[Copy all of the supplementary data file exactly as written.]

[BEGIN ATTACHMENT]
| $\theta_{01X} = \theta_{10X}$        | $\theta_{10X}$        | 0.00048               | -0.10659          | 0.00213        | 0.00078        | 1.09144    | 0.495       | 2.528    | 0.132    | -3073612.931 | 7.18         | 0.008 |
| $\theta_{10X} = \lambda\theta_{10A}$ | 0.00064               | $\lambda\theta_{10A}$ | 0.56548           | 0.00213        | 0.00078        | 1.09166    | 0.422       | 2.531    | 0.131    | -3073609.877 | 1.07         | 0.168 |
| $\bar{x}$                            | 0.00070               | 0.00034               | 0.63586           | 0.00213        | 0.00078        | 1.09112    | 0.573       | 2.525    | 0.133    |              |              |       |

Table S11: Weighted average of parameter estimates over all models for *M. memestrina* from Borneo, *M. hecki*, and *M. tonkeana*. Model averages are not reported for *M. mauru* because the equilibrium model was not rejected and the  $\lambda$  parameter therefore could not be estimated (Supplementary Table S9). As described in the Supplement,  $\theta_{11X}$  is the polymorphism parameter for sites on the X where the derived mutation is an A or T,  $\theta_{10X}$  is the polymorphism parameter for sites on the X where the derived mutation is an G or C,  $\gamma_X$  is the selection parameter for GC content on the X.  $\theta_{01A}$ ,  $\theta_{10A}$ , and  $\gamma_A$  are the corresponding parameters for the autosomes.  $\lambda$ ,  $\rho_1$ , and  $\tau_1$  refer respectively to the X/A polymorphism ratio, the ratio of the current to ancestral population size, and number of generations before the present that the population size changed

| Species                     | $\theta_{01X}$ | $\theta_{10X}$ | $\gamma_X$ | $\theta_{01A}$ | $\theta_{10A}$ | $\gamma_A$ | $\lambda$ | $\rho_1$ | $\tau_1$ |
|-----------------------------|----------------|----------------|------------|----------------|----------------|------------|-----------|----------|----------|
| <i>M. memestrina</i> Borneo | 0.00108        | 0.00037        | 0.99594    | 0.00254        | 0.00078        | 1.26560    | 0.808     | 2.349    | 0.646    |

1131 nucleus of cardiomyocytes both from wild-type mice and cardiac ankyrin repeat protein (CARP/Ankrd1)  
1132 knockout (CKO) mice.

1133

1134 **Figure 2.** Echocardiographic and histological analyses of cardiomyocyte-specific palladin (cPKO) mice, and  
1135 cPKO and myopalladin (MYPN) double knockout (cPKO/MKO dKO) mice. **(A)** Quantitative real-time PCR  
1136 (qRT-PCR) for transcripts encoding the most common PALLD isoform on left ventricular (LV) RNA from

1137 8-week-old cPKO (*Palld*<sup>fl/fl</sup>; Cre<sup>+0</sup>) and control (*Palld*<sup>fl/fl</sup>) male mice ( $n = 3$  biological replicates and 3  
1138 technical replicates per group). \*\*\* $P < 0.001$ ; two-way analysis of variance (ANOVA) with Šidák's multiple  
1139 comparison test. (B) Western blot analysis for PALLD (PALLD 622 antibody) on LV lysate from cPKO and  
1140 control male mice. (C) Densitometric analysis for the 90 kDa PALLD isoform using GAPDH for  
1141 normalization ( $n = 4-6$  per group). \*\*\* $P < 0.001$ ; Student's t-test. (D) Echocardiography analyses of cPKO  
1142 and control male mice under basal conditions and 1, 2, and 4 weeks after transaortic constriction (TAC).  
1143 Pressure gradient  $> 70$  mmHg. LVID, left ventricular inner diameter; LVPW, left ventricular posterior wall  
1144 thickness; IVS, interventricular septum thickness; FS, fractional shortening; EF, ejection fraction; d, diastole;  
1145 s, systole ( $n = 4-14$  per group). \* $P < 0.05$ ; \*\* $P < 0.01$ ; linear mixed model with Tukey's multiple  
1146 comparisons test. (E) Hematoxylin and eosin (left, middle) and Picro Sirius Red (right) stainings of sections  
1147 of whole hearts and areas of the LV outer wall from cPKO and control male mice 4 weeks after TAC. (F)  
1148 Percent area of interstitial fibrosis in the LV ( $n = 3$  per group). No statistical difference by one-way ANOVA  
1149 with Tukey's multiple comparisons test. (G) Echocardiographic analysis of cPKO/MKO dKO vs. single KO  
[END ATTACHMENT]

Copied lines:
| $\theta_{01X} = \theta_{10X}$        | $\theta_{10X}$        | 0.00048               | -0.10659          | 0.00213        | 0.00078        | 1.09144    | 0.495       | 2.528    | 0.132    | -3073612.931 | 7.18         | 0.008 |
| $\theta_{10X} = \lambda\theta_{10A}$ | 0.00064               | $\lambda\theta_{10A}$ | 0.56548           | 0.00213        | 0.00078        | 1.09166    | 0.422       | 2.531    | 0.131    | -3073609.877 | 1.07         | 0.168 |
| $\bar{x}$                            | 0.00070               | 0.00034               | 0.63586           | 0.00213        | 0.00078        | 1.09112    | 0.573       | 2.525    | 0.133    |              |              |       |

Table S11: Weighted average of parameter estimates over all models for *M. memestrina* from Borneo, *M. hecki*, and *M. tonkeana*. Model averages are not reported for *M. mauru* because the equilibrium model was not rejected and the  $\lambda$  parameter therefore could not be estimated (Supplementary Table S9). As described in the Supplement,  $\theta_{11X}$  is the polymorphism parameter for sites on the X where the derived mutation is an A or T,  $\theta_{10X}$  is the polymorphism parameter for sites on the X where the derived mutation is an G or C,  $\gamma_X$  is the selection parameter for GC content on the X.  $\theta_{01A}$ ,  $\theta_{10A}$ , and  $\gamma_A$  are the corresponding parameters for the autosomes.  $\lambda$ ,  $\rho_1$ , and  $\tau_1$  refer respectively to the X/A polymorphism ratio, the ratio of the current to ancestral population size, and number of generations before the present that the population size changed

| Species                     | $\theta_{01X}$ | $\theta_{10X}$ | $\gamma_X$ | $\theta_{01A}$ | $\theta_{10A}$ | $\gamma_A$ | $\lambda$ | $\rho_1$ | $\tau_1$ |
|-----------------------------|----------------|----------------|------------|----------------|----------------|------------|-----------|----------|----------|
| <i>M. memestrina</i> Borneo | 0.00108        | 0.00037        | 0.99594    | 0.00254        | 0.00078        | 1.26560    | 0.808     | 2.349    | 0.646    |

1131 nucleus of cardiomyocytes both from wild-type mice and cardiac ankyrin repeat protein (CARP/Ankrd1)  
1132 knockout (CKO) mice.

1133

1134 **Figure 2.** Echocardiographic and histological analyses of cardiomyocyte-specific palladin (cPKO) mice, and  
1135 cPKO and myopalladin (MYPN) double knockout (cPKO/MKO dKO) mice. **(A)** Quantitative real-time PCR  
1136 (qRT-PCR) for transcripts encoding the most common PALLD isoform on left ventricular (LV) RNA from

1137 8-week-old cPKO (*Palld*<sup>fl/fl</sup>; Cre<sup>+0</sup>) and control (*Palld*<sup>fl/fl</sup>) male mice ( $n = 3$  biological replicates and 3  
1138 technical replicates per group). \*\*\* $P < 0.001$ ; two-way analysis of variance (ANOVA) with Šidák's multiple  
1139 comparison test. (B) Western blot analysis for PALLD (PALLD 622 antibody) on LV lysate from cPKO and  
1140 control male mice. (C) Densitometric analysis for the 90 kDa PALLD isoform using GAPDH for  
1141 normalization ( $n = 4-6$  per group). \*\*\* $P < 0.001$ ; Student's t-test. (D) Echocardiography analyses of cPKO  
1142 and control male mice under basal conditions and 1, 2, and 4 weeks after transaortic constriction (TAC).  
1143 Pressure gradient  $> 70$  mmHg. LVID, left ventricular inner diameter; LVPW, left ventricular posterior wall  
1144 thickness; IVS, interventricular septum thickness; FS, fractional shortening; EF, ejection fraction; d, diastole;  
1145 s, systole ( $n = 4-14$  per group). \* $P < 0.05$ ; \*\* $P < 0.01$ ; linear mixed model with Tukey's multiple  
1146 comparisons test. (E) Hematoxylin and eosin (left, middle) and Picro Sirius Red (right) stainings of sections  
1147 of whole hearts and areas of the LV outer wall from cPKO and control male mice 4 weeks after TAC. (F)  
1148 Percent area of interstitial fibrosis in the LV ( $n = 3$  per group). No statistical difference by one-way ANOVA  
1149 with Tukey's multiple comparisons test. (G) Echocardiographic analysis of cPKO/MKO dKO vs. single KO  